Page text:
I think the best way to get back from a long spot is to release the brakes and then pull on the rear risers
This is how I have always understood things. Using the brakes reduces the efficiency, killing lift, increasing fall.
The other thing that you can do is use the front risers to gain speed, to get you better penetration, but you sacrifice altitude. You have to decide the trade-offs. Mainly, you would need the speed if you are in high wind but near the landing area, and distance if you are far from it. If you are far and there is a lot of wind, well, seek an alternate. No amount of jiggling the risers can overcome the laws of physics.
I was told that quarter brakes is more efficient than full flight and my own "experimentation" (i.e. who let that guy spot again??) seemed to bear this up.
Easy way to find out for sure for yourself is to go out with a friend flying an equally loaded, equivalent canopy - have him/her fly alongside you at full flight, you go into quarter brakes. See who gets the most distance across the ground.
Nice try on the sponsored research, but I'm afraid it's alresdy been done (!) By glider pilots.
The information IS out there (somewhere... can't remember where) but it's a factor of increased sink rate & consequent penetration against wind speed & direction. Glider Pilots have actually had it reduced to mathematical equations and graphs! This conclusively proves that they need to get out more!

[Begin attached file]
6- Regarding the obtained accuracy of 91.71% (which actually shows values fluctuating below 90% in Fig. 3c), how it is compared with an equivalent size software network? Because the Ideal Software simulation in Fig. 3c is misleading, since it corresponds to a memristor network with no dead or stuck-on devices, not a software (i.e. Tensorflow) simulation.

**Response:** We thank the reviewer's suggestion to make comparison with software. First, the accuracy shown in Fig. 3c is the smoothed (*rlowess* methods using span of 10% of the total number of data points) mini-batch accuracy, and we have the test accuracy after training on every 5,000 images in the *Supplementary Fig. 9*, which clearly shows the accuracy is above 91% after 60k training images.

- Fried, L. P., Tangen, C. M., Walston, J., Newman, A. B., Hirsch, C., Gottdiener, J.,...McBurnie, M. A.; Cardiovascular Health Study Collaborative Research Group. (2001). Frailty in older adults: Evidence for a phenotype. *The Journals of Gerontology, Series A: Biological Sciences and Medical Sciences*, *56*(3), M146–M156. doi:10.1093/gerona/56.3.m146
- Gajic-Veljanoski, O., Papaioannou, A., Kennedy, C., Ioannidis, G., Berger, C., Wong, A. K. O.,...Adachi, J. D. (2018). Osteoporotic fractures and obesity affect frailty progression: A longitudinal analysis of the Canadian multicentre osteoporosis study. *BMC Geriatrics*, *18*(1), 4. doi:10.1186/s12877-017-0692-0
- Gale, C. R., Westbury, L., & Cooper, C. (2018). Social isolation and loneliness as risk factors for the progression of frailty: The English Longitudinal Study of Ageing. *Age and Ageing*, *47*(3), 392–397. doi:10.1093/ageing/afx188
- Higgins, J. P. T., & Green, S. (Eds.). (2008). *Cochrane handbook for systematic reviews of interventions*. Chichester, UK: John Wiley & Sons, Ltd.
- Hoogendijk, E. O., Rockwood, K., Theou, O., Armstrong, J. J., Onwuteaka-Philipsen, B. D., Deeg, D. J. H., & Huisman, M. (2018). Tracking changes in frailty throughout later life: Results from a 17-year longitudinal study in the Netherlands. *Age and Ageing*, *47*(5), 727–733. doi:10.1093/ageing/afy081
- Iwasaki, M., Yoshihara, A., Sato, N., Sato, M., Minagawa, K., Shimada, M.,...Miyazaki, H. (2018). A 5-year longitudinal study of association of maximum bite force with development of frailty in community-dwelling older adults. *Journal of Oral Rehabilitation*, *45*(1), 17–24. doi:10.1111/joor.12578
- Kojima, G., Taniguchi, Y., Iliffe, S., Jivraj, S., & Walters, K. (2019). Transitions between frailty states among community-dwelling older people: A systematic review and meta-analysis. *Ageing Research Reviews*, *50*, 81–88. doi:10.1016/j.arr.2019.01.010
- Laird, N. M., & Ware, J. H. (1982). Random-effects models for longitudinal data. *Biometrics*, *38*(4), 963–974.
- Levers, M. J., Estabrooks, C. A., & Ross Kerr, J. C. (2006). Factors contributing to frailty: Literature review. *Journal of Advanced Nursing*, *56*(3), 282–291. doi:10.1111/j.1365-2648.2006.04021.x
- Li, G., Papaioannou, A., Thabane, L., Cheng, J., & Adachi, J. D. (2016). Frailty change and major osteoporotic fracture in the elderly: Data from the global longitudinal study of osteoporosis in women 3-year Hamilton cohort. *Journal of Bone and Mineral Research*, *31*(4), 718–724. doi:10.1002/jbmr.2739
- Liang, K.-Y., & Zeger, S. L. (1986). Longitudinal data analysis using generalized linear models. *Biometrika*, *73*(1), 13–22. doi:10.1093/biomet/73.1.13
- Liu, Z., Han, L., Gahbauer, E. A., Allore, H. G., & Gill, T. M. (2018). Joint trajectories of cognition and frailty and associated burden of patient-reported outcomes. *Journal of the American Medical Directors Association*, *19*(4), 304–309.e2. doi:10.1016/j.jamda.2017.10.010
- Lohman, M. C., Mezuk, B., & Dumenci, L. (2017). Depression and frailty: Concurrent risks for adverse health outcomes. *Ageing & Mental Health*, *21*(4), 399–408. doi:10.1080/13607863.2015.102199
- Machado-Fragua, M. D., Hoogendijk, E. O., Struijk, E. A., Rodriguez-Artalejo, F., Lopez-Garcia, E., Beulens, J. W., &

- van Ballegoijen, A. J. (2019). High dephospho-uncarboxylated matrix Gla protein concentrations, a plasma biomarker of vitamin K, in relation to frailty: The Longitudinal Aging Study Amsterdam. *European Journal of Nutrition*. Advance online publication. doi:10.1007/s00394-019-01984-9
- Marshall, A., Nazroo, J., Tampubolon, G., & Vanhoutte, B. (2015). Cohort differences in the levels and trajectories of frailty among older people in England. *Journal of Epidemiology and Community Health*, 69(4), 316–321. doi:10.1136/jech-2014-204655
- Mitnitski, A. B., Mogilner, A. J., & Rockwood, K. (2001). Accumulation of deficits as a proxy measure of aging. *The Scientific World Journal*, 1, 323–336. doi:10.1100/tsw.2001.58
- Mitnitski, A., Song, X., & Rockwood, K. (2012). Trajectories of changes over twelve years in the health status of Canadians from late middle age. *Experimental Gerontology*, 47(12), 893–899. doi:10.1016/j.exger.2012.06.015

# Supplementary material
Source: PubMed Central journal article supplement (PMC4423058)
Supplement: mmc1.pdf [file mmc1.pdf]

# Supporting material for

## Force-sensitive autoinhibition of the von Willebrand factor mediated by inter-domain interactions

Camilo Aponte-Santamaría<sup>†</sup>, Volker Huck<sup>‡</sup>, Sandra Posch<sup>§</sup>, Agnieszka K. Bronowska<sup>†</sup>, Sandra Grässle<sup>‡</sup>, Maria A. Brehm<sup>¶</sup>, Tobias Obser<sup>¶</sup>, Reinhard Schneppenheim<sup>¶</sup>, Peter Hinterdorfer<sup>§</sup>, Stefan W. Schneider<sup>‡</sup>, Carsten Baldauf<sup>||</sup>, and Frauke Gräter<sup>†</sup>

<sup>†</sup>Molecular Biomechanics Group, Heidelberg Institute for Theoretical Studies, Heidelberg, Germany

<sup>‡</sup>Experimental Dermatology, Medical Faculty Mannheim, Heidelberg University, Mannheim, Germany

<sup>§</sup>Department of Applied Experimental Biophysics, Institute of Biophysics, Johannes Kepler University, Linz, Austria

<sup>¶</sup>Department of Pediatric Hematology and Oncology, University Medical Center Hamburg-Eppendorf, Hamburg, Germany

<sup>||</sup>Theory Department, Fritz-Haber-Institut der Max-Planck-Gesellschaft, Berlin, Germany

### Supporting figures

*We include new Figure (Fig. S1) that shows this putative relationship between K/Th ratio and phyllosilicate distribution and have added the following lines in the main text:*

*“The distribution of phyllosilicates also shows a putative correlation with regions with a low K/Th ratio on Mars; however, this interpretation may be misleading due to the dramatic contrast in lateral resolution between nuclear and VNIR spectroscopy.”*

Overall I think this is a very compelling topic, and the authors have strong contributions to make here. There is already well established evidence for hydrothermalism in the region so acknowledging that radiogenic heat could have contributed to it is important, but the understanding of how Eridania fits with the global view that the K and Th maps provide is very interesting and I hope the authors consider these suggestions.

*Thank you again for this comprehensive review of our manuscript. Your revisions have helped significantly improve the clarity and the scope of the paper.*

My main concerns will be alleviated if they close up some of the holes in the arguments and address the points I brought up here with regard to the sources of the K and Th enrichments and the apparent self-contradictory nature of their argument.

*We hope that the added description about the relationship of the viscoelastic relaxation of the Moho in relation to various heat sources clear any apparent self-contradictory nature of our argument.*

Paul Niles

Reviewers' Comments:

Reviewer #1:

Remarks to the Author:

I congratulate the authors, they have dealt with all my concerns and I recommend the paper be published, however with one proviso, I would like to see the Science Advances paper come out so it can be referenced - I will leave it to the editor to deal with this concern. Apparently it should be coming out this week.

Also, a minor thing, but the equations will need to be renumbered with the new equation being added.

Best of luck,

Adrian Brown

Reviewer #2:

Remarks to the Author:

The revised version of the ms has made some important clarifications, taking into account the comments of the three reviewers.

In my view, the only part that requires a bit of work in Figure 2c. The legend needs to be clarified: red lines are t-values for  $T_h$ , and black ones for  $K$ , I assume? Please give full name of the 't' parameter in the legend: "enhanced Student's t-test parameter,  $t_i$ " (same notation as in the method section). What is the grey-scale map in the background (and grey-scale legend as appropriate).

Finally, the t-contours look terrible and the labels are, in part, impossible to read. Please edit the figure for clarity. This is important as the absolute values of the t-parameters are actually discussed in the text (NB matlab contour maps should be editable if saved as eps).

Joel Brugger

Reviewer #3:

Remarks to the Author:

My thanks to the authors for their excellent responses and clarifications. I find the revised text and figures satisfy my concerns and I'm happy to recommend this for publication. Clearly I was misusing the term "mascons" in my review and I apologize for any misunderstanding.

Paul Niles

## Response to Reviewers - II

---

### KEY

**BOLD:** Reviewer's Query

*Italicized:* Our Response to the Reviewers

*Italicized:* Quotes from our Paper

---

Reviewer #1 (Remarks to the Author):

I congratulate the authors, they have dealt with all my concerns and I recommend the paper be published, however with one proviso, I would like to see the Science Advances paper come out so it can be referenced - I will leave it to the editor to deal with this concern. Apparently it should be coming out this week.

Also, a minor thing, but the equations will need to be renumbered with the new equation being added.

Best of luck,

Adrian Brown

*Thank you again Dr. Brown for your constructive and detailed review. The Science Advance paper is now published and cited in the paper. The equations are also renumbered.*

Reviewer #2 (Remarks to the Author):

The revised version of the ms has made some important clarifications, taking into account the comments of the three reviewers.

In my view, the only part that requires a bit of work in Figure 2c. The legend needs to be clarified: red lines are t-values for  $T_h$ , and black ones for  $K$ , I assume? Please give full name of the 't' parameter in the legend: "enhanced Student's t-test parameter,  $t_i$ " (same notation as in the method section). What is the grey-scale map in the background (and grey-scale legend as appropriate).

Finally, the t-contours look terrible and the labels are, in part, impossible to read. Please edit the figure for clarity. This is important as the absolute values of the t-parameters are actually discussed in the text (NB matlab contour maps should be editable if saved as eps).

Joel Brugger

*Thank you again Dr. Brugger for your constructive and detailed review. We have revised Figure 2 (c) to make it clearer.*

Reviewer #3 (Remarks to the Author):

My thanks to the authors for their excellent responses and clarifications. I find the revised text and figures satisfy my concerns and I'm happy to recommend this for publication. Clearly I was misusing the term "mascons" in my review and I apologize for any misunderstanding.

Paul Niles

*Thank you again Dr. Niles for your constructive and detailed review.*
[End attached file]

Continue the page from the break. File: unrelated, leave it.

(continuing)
Anyway, short version (for us) is if you're travelling forward, or with the wind, reduce sink rate (back riser). Moving into wind increase penetration (front riser). When you land out, remember to smile sweetly at the farmer and he MIGHT give you a lift back to the DZ!
I could cover much more ground with my old 107 stiletto in brakes then I could with rear risers.(with the wind) I have took it on cross countries as far as 16 miles from 9000' I have spent a lot of time flying brakes and rear risers and I feel that brakes are the best upwind. J
Hey GeekStreak While I would never presume to dispute the experts, I will tell you I have found that a 1.1 and even a 1.2 wing loading are very docile.
My story I made about 96 jumps in early 70's about 70 or so on rounds then about 20-25 on square's. I did not jump again until this year. I was put out on a Manta 288 (what a dog) I made two jumps on it, then two on a Falcon 265. They were both so bad I bought my own gear. I then jumped a Triathlon 175, it was great. It was docile, turns were better, the flare was so much better and landings were suddenly stand up. I load this canopy at a 1.2 I'm 210 out the door. It was so much better then them big old manta's and falcon's. I really think they should do away with all that big stuff and start students out on something more in the 210 range. But then I can only say what worked for me and moving down in the 1+ wing load range helped a bunch. I wouldn't worry about being under a 1.0 wing load it should be pretty docile.
Some fun eh!
Jul 6, 2001, 2:51 AM
Post #18 of 19